was about to leave, when a sudden sound
arrested her. A man's step rang sharp and
clear oti the Marble near, andpassing in the
direction of the gallery stairs, slowly as
The girl's whole aspect changed; she bent
eagerly forward, her hands clasped tightly,
her lips'slfghtly parted. Mt is he! it is lie!"
she immured, the rich color flushing her
cheeks and dying away as swilt as it had
come. -Almost as she spoke she was on her
feet, groping with extended hands lathe di
rection the stranger had taken.
It was the grand master she was follow
l d: • ug, aneven as she scathed the stairs the
low, sweet notes of the organ floated to her
ear. She opened the - gallery door softly,
and seated herself on- one 'of the steps 'of
the choirs .
To Berthold Reimer the exquisite pleas
ure's:he derived from hearing the master as
he „eathe each -day to practice was the one
joy of het- life. She had learned to know
his footstep, and would wait idles each ca
thedral- service that she might. but touch
sum as he passedalong, and then go home
satisfied, with the sound of the mighty mu
sic she had heard clinging to her and help
ing her bear her sad yosing life more brave
lys-for Berthaidavas a poor child, and with
al she "Was blind.
The master had often noticed- the little
figure; and the soft, tender exPression Of
liie child's face ' and -would- have spoken,
but somehow when he had the opportunity
to do so she was always, gone, and 'so the
time passed, trWay . 'and the master: played
and she ;sat .and' listened, wondering and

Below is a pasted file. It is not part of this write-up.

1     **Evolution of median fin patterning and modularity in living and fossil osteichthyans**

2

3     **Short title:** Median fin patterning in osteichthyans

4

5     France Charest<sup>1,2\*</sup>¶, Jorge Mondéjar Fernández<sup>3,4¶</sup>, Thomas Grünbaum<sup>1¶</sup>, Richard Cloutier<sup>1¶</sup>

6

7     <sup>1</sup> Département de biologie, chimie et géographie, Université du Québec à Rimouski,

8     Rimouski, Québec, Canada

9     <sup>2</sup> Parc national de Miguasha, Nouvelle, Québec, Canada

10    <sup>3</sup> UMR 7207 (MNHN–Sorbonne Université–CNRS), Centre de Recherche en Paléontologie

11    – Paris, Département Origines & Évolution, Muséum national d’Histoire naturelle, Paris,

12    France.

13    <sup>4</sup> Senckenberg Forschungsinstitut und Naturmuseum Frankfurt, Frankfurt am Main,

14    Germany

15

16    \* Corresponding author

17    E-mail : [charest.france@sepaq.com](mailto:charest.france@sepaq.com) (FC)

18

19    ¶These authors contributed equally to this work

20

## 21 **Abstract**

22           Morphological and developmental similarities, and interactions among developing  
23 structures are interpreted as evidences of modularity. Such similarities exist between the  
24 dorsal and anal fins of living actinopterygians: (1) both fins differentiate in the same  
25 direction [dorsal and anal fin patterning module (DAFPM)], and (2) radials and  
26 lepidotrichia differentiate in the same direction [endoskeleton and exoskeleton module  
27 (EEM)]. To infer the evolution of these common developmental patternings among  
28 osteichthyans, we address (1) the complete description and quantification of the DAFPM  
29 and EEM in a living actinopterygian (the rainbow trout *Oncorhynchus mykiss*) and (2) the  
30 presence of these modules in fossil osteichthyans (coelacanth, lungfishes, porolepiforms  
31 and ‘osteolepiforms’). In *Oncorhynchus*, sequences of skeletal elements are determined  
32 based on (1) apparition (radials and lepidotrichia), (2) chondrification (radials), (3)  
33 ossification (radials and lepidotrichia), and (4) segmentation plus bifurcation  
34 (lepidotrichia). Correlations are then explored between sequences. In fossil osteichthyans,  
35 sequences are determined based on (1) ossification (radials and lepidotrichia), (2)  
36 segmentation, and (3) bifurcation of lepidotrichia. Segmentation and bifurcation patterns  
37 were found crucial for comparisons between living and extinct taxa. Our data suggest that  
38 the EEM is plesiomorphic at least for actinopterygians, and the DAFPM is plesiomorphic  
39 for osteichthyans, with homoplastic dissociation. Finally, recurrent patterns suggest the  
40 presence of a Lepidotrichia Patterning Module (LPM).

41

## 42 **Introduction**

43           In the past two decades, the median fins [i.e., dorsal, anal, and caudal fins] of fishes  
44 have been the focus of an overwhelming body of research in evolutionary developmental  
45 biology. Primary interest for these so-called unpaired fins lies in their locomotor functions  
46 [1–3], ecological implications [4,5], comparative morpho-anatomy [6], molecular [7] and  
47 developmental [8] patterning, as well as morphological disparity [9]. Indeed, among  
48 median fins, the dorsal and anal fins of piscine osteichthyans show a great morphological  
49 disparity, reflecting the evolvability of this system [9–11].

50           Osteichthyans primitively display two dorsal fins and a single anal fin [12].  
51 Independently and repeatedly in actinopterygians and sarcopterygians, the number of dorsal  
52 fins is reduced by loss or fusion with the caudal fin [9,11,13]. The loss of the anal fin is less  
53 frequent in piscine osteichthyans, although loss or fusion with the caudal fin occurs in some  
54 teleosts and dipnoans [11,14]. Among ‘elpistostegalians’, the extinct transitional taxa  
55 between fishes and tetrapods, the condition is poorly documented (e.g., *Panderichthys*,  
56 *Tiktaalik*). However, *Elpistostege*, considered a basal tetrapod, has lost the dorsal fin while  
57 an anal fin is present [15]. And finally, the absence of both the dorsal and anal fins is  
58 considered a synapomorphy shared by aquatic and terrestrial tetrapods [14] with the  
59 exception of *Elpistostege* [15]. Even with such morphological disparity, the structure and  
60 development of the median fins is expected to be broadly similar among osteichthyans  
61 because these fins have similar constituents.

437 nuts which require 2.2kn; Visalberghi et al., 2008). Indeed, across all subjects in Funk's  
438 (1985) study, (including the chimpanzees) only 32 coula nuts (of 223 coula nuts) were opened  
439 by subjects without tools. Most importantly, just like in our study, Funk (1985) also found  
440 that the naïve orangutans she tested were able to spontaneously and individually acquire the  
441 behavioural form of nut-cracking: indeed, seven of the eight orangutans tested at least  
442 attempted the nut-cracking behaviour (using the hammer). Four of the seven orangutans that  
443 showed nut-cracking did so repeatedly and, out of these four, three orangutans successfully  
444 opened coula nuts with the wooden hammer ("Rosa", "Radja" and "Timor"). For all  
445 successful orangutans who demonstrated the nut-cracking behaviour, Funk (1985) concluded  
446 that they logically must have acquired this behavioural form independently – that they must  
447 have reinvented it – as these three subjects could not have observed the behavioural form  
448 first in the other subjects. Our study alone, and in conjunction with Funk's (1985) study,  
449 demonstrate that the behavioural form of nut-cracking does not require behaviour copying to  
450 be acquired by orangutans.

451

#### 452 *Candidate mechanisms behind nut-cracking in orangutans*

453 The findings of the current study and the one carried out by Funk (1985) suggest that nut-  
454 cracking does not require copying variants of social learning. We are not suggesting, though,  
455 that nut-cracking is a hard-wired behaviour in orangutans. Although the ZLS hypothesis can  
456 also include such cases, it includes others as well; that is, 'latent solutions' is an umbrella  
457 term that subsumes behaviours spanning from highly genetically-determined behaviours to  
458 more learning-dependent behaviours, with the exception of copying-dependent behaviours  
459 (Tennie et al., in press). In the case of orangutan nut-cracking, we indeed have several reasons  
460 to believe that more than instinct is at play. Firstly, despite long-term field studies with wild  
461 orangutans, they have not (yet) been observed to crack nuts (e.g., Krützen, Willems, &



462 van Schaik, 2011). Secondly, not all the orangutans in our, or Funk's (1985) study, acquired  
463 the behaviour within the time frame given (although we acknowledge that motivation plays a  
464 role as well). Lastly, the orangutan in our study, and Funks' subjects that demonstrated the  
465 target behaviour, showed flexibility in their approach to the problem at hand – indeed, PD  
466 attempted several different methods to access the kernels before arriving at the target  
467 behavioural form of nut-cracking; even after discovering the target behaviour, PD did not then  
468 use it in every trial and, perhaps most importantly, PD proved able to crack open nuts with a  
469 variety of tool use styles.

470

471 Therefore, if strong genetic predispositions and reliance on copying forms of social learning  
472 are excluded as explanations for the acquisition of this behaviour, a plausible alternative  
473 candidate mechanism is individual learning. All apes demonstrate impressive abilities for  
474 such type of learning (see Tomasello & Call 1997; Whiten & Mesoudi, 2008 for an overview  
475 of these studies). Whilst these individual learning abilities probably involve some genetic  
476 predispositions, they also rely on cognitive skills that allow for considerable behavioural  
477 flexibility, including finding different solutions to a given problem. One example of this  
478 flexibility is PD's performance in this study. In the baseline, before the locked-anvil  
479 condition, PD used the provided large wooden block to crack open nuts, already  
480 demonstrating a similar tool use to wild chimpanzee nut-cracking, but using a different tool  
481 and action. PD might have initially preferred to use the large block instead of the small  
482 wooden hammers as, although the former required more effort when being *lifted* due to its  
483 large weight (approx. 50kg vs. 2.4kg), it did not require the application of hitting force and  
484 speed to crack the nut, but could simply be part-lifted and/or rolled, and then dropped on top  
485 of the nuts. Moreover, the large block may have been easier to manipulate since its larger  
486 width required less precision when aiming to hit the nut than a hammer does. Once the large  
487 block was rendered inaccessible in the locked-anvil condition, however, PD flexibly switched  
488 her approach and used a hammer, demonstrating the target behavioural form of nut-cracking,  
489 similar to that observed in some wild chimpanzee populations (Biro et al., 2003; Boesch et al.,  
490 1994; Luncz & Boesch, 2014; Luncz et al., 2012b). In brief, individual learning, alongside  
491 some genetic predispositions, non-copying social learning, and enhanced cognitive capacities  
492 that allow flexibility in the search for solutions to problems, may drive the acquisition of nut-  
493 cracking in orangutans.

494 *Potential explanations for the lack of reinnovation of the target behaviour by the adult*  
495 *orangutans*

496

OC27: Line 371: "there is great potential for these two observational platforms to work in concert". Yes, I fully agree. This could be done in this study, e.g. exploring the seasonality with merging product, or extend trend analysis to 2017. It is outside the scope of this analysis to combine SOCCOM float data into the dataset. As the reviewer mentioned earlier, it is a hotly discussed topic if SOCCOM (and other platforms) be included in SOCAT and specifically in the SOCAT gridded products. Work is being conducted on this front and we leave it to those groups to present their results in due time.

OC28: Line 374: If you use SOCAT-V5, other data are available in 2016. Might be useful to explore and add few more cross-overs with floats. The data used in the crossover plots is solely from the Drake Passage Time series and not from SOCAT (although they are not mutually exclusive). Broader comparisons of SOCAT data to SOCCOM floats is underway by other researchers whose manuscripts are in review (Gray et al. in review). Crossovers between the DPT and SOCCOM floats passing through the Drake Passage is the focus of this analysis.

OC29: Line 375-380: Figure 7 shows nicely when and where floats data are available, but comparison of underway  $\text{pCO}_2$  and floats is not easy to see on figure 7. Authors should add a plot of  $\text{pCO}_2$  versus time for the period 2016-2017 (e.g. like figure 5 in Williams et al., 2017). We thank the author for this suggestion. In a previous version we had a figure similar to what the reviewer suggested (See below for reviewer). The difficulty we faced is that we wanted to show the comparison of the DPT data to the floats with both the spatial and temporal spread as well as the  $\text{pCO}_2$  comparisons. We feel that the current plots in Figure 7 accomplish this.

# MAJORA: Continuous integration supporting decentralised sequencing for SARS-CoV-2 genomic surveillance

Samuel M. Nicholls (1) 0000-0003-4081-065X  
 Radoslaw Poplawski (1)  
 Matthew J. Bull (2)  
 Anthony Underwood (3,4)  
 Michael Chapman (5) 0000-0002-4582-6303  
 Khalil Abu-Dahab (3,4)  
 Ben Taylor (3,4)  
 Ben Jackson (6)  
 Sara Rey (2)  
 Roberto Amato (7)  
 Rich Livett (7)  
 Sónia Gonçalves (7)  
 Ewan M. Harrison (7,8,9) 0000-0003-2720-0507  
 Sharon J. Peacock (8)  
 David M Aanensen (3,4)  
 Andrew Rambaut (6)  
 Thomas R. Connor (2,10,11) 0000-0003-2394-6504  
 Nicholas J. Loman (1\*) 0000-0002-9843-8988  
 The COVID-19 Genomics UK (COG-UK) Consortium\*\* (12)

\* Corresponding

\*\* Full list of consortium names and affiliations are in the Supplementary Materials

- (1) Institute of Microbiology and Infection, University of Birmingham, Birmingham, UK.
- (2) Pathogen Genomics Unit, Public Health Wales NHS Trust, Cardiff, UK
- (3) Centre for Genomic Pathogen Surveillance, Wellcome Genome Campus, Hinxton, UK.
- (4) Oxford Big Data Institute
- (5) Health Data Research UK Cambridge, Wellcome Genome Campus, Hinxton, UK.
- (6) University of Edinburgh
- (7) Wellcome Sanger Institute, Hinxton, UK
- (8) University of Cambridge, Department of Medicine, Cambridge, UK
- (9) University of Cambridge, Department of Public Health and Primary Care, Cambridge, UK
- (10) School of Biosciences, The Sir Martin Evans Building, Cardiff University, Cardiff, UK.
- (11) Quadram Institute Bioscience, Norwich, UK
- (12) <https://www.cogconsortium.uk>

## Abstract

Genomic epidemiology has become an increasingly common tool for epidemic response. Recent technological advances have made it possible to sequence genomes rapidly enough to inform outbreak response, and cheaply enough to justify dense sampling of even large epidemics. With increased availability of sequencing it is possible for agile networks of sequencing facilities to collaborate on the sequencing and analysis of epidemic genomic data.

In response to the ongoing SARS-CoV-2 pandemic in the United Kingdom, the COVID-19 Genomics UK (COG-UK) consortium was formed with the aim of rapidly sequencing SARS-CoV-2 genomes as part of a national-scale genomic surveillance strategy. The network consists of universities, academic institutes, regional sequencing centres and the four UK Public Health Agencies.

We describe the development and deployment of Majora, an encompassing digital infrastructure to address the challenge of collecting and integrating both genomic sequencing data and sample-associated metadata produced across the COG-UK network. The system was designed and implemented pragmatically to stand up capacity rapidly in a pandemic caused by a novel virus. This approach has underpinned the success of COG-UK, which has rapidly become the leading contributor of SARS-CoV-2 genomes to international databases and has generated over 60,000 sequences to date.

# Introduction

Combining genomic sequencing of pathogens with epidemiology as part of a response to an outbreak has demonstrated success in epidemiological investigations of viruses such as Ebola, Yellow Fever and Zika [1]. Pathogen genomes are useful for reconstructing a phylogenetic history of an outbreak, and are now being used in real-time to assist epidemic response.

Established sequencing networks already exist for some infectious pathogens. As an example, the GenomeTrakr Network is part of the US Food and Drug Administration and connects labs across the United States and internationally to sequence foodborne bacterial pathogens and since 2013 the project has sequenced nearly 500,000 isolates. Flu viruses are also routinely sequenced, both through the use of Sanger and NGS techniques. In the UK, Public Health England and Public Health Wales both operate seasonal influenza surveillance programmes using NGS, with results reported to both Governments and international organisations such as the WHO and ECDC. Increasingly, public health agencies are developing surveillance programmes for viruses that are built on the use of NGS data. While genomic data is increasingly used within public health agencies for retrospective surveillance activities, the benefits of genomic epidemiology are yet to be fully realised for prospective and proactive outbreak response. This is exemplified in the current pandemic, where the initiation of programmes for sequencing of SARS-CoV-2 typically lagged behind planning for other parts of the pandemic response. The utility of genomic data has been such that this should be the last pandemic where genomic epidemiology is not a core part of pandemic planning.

hopiopthat the 'day might Come when she
could feethis hand dint ' hear the sound, of
Ms voice.. - '', ' ' ~
1 'perhaps the Master Was - not' so - attentive
to bia - dutios,er' Berthald might nap' MO
(dosed the gallery door so sofily tiat after
noon, but, he noticed the child when ,he ca
lmed, and when he had finished hi S piece
arose quietly, and before the girl c uld leave
the choir he was beside her.
You are not afraid of me, ut childl"
he asked, gently laying his ban On her
soft, golden curls.
no, sir," she answered- , eagerly, her
whole - frame 'trembling with excitement;,
" not afraid of you—" she pausedoancer
tain what to say, and lifted her large, sweet
eyes to his face.
" What is your name?" be asked again,
still keeping his hand upon her head.
" Berthold Reimer, the blind girl," she
answered quietly. A ltiok of intense pity
passed over his face, and he did not speak
for. a few moments; then he said, , " Well,
Berthatd;"would you like to hear-me play
again?" The look of joy which passed over
the girl's face and her eager "_Oh, yes, sir,"
was enough. He smiled, and taking her by
the hand, led her to the organ and placed
her beside hint. For a long, time be played,
then suddenly pausing he asked, "Can you
" A little," she answered. - —4, -
He played the prelude to an air sweet and
simple, anti which was well known. "Sing,
this,erthald t child," he said. At first the
blind girl's voice *as low and trembling,'
but as she sang she forgot before whom she
stood, and, all absorbed in the beauty of the
song and her love for it, she lost all trace of
fear, and as the last notes sounded her voice
rang out clear, strong, and beautiful.
" You will sing this." Ile played this
time an anthem which had often been sung
in the cathedral. Berthald sang it through,
her notes rising add falling with exceeding
tenderness, and tilling the grand old place